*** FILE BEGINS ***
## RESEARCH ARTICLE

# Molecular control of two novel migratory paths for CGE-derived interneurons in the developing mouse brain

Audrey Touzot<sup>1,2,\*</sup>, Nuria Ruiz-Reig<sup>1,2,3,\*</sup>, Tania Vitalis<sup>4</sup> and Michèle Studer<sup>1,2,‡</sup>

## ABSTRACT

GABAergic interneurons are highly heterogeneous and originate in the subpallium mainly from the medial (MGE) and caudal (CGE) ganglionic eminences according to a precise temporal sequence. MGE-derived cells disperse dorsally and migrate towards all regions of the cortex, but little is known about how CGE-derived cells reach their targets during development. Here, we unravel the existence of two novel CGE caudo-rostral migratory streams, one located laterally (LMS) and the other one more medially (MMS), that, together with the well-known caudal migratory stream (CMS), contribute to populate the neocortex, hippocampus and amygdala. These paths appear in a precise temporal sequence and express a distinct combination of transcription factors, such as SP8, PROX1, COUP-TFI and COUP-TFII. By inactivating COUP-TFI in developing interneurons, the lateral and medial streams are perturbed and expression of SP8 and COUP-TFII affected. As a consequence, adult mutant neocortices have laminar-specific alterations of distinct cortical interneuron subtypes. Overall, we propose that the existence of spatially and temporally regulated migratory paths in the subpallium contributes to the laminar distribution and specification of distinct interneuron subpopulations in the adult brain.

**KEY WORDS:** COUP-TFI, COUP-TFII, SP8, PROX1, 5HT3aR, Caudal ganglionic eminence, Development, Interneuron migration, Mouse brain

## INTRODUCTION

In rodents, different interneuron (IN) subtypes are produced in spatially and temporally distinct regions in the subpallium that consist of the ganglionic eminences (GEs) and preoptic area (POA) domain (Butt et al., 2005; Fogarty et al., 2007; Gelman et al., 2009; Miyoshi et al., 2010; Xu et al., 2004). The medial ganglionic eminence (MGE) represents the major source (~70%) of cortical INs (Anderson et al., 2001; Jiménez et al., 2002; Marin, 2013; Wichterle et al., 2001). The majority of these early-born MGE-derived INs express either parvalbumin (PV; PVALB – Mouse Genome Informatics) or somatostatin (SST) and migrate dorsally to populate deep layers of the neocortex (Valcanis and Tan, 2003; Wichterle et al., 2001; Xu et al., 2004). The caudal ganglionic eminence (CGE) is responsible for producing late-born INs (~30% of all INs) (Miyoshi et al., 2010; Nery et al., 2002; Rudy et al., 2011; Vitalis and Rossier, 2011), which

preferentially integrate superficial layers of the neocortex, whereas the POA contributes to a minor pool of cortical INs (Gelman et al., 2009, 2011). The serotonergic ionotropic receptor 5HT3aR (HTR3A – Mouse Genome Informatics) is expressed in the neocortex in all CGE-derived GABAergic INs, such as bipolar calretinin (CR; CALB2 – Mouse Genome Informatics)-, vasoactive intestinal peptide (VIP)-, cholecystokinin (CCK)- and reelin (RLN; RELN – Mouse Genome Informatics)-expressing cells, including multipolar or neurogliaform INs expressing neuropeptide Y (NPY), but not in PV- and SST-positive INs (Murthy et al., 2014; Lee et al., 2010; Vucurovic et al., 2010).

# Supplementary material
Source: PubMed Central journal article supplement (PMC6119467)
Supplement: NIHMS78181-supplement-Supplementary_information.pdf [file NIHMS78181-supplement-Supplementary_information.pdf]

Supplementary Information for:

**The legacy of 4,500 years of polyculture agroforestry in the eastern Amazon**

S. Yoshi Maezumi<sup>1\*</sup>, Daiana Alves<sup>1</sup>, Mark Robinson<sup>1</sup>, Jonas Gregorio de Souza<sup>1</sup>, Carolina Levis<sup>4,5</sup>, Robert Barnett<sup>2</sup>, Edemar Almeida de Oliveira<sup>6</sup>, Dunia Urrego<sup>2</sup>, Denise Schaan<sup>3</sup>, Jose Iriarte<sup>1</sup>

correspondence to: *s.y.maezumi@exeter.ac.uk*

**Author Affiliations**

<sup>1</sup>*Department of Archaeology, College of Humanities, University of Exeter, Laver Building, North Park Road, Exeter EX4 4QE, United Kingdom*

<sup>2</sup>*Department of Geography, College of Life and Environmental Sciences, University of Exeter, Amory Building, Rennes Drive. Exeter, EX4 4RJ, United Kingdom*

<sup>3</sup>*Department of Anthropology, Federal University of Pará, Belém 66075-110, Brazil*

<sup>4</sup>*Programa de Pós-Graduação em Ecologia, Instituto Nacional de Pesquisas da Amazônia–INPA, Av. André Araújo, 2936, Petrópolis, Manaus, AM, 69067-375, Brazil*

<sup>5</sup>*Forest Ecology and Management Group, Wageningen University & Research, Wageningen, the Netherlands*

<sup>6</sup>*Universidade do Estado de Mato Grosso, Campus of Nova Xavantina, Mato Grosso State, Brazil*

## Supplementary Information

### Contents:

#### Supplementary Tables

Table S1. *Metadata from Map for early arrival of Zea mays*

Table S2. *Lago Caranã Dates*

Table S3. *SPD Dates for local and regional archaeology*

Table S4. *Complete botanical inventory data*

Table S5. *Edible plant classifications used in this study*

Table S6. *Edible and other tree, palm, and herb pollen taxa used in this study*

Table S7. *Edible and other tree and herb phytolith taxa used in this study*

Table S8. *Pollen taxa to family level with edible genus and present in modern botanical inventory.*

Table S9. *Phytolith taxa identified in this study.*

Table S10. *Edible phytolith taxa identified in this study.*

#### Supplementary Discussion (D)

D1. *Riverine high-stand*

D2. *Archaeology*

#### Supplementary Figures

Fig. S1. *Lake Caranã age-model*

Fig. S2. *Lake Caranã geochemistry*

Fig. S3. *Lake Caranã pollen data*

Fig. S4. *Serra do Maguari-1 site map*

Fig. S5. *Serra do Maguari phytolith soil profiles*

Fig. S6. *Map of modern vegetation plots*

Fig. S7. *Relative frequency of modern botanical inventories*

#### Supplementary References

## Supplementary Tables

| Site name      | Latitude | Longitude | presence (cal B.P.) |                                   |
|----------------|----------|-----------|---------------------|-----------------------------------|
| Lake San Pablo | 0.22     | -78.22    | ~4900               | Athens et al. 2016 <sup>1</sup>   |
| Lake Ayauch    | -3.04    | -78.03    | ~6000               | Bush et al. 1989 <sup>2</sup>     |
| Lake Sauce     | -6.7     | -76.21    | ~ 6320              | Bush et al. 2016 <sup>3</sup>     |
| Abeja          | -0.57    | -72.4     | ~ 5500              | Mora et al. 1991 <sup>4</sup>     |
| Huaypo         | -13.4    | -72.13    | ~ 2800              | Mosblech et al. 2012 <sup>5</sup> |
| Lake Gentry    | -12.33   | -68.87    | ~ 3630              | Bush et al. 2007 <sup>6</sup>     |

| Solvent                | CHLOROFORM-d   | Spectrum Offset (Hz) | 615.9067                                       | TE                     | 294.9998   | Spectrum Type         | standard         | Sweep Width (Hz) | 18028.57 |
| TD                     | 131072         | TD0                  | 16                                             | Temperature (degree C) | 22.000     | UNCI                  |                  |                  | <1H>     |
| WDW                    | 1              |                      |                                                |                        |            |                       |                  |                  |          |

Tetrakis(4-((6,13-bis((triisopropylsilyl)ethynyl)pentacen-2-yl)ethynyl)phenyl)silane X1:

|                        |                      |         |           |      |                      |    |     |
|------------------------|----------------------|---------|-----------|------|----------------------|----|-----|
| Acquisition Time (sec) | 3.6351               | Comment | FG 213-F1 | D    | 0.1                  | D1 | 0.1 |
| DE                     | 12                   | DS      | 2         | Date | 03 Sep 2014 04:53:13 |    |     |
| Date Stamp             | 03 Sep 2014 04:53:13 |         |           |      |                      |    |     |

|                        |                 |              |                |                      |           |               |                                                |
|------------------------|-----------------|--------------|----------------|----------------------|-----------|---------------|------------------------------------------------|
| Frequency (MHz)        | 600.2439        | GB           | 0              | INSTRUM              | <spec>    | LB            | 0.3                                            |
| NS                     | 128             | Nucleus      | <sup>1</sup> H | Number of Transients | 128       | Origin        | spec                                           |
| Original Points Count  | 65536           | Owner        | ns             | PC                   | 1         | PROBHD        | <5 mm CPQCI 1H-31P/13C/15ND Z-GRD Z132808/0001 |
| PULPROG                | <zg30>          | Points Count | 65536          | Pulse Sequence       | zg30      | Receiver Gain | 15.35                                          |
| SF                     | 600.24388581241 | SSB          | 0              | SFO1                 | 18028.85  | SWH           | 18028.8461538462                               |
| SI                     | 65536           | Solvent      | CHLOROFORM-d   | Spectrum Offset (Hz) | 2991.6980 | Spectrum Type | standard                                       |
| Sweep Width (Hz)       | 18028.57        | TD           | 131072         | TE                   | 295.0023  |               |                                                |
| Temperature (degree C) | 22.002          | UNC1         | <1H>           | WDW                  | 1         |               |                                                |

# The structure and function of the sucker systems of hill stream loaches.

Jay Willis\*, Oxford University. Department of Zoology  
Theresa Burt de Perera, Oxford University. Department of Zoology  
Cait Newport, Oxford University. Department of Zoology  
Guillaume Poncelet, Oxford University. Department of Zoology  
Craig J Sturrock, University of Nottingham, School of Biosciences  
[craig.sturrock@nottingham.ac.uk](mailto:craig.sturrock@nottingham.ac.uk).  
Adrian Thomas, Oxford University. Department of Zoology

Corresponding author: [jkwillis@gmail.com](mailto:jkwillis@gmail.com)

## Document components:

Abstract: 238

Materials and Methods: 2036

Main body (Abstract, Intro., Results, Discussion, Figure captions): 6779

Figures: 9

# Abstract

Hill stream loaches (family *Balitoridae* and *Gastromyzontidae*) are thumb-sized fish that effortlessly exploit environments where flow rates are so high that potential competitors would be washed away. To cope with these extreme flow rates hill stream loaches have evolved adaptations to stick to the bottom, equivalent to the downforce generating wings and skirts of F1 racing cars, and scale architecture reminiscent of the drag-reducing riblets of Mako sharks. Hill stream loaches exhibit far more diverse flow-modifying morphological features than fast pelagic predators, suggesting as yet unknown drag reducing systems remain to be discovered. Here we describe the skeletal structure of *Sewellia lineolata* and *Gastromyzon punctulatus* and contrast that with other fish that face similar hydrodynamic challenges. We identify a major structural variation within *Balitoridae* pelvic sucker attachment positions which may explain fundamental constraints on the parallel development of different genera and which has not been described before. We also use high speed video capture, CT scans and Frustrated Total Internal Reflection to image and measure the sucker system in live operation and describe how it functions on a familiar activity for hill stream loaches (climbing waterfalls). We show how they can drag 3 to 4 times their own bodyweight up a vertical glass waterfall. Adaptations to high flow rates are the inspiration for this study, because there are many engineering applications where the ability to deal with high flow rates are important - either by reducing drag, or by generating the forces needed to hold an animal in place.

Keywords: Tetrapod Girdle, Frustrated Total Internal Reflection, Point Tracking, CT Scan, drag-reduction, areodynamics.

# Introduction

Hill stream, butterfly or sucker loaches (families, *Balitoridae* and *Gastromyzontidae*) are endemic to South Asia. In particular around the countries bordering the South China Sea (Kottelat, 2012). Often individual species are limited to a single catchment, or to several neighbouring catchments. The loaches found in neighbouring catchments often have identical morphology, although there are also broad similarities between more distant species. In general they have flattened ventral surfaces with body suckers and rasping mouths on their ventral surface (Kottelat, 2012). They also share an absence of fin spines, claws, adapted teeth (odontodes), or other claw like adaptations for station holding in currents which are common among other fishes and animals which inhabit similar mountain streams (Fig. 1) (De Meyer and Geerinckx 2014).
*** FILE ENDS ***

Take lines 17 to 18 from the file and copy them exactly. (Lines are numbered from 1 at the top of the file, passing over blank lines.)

**Author Affiliations**

<sup>1</sup>*Department of Archaeology, College of Humanities, University of Exeter, Laver Building, North Park Road, Exeter EX4 4QE, United Kingdom*